Mass spectrometry (MS) is an analytical technique that ionizes chemical species and sorts the ions based on their mass to charge ratio.
In simpler terms, a mass spectrum measures the masses within a sample.
Mass spectrometry is used in many different fields and is applied to pure samples as well as complex mixtures.
These spectra are used to determine the elemental or isotopic signature of a sample, the masses of particles and of molecules, and to elucidate the chemical structures of molecules, such as peptides and other chemical compounds.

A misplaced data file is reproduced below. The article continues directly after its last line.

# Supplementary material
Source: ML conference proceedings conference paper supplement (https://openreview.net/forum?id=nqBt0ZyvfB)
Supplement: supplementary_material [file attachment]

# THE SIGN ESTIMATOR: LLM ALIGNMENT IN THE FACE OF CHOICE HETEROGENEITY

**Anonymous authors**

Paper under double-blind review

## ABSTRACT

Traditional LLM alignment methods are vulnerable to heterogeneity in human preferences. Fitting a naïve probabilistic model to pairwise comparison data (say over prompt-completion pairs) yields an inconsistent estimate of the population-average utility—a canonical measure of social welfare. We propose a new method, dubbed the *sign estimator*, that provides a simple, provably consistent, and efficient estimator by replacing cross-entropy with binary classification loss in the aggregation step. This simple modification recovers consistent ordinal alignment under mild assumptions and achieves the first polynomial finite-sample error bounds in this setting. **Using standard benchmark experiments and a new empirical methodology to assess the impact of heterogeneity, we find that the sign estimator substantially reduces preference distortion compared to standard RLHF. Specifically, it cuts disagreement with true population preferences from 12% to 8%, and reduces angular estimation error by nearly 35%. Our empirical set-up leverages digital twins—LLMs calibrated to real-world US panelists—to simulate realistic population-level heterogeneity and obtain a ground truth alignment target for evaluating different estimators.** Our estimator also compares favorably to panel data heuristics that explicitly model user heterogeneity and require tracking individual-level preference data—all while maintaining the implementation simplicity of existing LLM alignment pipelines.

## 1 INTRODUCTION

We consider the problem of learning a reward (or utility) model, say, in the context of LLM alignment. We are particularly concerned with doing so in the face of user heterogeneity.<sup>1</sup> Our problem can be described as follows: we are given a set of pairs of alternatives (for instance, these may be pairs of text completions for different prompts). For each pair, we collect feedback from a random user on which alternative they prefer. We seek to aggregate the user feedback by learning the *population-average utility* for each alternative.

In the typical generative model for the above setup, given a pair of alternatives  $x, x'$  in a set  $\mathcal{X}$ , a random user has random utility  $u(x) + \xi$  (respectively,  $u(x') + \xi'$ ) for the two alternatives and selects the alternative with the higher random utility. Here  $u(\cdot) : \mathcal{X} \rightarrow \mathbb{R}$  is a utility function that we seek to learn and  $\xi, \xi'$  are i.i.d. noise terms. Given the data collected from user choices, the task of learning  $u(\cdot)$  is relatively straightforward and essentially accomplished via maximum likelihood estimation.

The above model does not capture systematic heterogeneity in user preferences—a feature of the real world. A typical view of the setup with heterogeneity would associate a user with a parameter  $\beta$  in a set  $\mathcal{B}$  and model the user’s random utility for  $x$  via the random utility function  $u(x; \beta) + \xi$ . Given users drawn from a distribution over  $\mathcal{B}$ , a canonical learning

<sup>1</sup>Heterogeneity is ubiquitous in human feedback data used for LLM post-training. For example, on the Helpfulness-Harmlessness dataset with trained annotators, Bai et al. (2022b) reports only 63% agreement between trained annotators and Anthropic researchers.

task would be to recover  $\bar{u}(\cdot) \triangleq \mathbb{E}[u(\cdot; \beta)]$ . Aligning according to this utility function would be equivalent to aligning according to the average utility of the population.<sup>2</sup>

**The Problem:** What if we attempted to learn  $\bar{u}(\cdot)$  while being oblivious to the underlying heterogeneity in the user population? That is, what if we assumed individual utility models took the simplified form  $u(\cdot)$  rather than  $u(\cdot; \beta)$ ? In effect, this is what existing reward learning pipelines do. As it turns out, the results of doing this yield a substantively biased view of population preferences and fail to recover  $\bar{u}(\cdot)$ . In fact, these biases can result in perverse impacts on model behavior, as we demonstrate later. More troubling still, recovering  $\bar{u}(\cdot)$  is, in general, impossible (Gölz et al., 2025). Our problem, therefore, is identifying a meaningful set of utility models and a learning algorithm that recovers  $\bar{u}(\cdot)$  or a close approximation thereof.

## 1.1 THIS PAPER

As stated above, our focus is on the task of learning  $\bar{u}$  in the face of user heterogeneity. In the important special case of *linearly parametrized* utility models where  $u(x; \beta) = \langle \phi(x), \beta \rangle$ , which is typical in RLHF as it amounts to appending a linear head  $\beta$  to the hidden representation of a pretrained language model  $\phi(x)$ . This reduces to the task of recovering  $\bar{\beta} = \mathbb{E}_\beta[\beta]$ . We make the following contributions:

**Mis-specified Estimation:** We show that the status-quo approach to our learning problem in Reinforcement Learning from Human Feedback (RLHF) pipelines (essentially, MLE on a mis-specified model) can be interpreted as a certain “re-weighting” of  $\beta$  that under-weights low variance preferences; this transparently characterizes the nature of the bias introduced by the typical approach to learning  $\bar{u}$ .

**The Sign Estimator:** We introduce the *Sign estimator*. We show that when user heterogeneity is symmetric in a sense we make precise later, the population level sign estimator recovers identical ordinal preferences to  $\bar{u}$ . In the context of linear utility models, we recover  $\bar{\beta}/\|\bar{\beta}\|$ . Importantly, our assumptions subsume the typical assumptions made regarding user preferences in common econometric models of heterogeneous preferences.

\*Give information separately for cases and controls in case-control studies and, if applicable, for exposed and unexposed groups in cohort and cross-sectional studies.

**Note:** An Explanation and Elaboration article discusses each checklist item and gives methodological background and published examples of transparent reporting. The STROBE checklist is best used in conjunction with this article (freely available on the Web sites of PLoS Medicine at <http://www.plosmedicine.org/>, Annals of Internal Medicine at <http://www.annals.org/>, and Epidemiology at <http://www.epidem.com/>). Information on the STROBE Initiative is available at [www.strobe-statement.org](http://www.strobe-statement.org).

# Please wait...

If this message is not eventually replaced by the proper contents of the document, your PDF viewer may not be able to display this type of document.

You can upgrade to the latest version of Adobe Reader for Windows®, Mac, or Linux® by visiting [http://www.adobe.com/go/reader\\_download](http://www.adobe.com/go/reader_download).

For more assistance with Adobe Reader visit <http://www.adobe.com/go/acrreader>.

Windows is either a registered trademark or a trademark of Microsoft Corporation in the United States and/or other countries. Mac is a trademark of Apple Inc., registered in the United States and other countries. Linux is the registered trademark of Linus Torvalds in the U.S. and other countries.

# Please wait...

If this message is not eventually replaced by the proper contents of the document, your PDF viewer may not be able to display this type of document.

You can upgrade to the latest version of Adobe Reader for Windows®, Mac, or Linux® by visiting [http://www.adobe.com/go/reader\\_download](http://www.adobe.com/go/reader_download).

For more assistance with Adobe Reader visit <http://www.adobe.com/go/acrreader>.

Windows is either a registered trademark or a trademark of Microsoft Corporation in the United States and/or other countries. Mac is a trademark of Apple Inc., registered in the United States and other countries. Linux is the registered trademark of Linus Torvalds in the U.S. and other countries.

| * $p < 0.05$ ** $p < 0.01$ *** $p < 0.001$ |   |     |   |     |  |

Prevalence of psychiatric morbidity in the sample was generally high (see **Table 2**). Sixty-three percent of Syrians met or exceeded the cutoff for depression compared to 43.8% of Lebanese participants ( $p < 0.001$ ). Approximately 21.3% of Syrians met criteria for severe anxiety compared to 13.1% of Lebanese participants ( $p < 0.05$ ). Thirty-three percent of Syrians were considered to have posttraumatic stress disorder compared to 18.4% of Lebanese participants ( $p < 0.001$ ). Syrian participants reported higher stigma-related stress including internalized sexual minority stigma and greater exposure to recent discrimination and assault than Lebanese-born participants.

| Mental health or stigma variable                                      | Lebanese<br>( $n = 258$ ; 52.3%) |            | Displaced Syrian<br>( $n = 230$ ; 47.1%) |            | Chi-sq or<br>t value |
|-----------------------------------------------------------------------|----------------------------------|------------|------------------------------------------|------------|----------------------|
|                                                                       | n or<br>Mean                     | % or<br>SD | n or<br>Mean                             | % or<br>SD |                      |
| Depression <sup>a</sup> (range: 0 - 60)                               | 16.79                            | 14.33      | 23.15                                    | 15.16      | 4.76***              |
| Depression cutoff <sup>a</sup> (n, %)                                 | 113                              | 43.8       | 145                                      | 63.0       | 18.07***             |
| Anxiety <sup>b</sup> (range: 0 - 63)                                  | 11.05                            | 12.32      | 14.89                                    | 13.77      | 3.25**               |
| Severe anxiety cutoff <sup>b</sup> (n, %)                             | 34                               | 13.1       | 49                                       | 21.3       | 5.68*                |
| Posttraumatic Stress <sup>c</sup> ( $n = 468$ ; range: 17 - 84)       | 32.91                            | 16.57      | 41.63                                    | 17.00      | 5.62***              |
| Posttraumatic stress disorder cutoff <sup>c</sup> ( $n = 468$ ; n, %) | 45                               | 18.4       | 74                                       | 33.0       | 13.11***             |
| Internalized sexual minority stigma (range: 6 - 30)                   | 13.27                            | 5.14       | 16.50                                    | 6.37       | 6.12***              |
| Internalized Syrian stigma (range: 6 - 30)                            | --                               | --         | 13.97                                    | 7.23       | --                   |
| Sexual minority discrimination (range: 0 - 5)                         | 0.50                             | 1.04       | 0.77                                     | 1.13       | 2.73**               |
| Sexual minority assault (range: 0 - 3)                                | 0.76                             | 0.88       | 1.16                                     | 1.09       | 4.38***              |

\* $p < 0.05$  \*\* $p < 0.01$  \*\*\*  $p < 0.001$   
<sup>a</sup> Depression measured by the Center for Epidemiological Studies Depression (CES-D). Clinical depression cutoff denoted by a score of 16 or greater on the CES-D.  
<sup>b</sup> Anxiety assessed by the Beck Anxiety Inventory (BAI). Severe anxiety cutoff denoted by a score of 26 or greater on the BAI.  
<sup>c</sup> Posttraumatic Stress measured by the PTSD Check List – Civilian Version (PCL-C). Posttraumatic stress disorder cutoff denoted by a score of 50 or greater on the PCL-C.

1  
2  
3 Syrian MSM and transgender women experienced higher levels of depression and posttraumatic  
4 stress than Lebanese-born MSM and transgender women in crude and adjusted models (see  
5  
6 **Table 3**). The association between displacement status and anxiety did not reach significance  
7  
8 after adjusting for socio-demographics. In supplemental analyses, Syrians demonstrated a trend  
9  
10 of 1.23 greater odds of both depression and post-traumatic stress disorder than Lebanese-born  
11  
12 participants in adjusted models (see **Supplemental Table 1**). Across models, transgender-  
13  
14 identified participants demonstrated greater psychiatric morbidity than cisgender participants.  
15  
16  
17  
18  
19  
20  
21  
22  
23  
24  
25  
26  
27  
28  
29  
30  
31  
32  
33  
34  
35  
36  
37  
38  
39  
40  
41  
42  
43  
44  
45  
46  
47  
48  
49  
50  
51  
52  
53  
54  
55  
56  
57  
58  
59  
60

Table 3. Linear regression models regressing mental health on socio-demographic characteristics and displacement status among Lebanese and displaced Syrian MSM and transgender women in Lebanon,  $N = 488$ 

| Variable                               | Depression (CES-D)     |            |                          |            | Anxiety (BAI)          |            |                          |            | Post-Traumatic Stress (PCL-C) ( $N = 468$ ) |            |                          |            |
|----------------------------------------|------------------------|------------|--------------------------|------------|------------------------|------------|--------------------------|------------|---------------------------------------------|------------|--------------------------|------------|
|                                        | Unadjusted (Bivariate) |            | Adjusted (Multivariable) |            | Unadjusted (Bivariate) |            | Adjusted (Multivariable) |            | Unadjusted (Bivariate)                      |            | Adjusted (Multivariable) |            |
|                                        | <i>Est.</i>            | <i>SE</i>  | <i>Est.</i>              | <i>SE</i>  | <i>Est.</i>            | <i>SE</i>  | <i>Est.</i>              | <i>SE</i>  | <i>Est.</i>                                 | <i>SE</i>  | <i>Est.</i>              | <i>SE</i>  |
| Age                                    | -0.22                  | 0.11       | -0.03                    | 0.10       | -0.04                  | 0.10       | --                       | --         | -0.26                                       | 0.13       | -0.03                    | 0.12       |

In a typical MS procedure, a sample, which may be solid, liquid, or gas, is ionized, for example by bombarding it with electrons.
This may cause some of the sample's molecules to break into charged fragments.
These ions are then separated according to their mass-to-charge ratio, typically by accelerating them and subjecting them to an electric or magnetic field: ions of the same mass-to-charge ratio will undergo the same amount of deflection.
The ions are detected by a mechanism capable of detecting charged particles, such as an electron multiplier.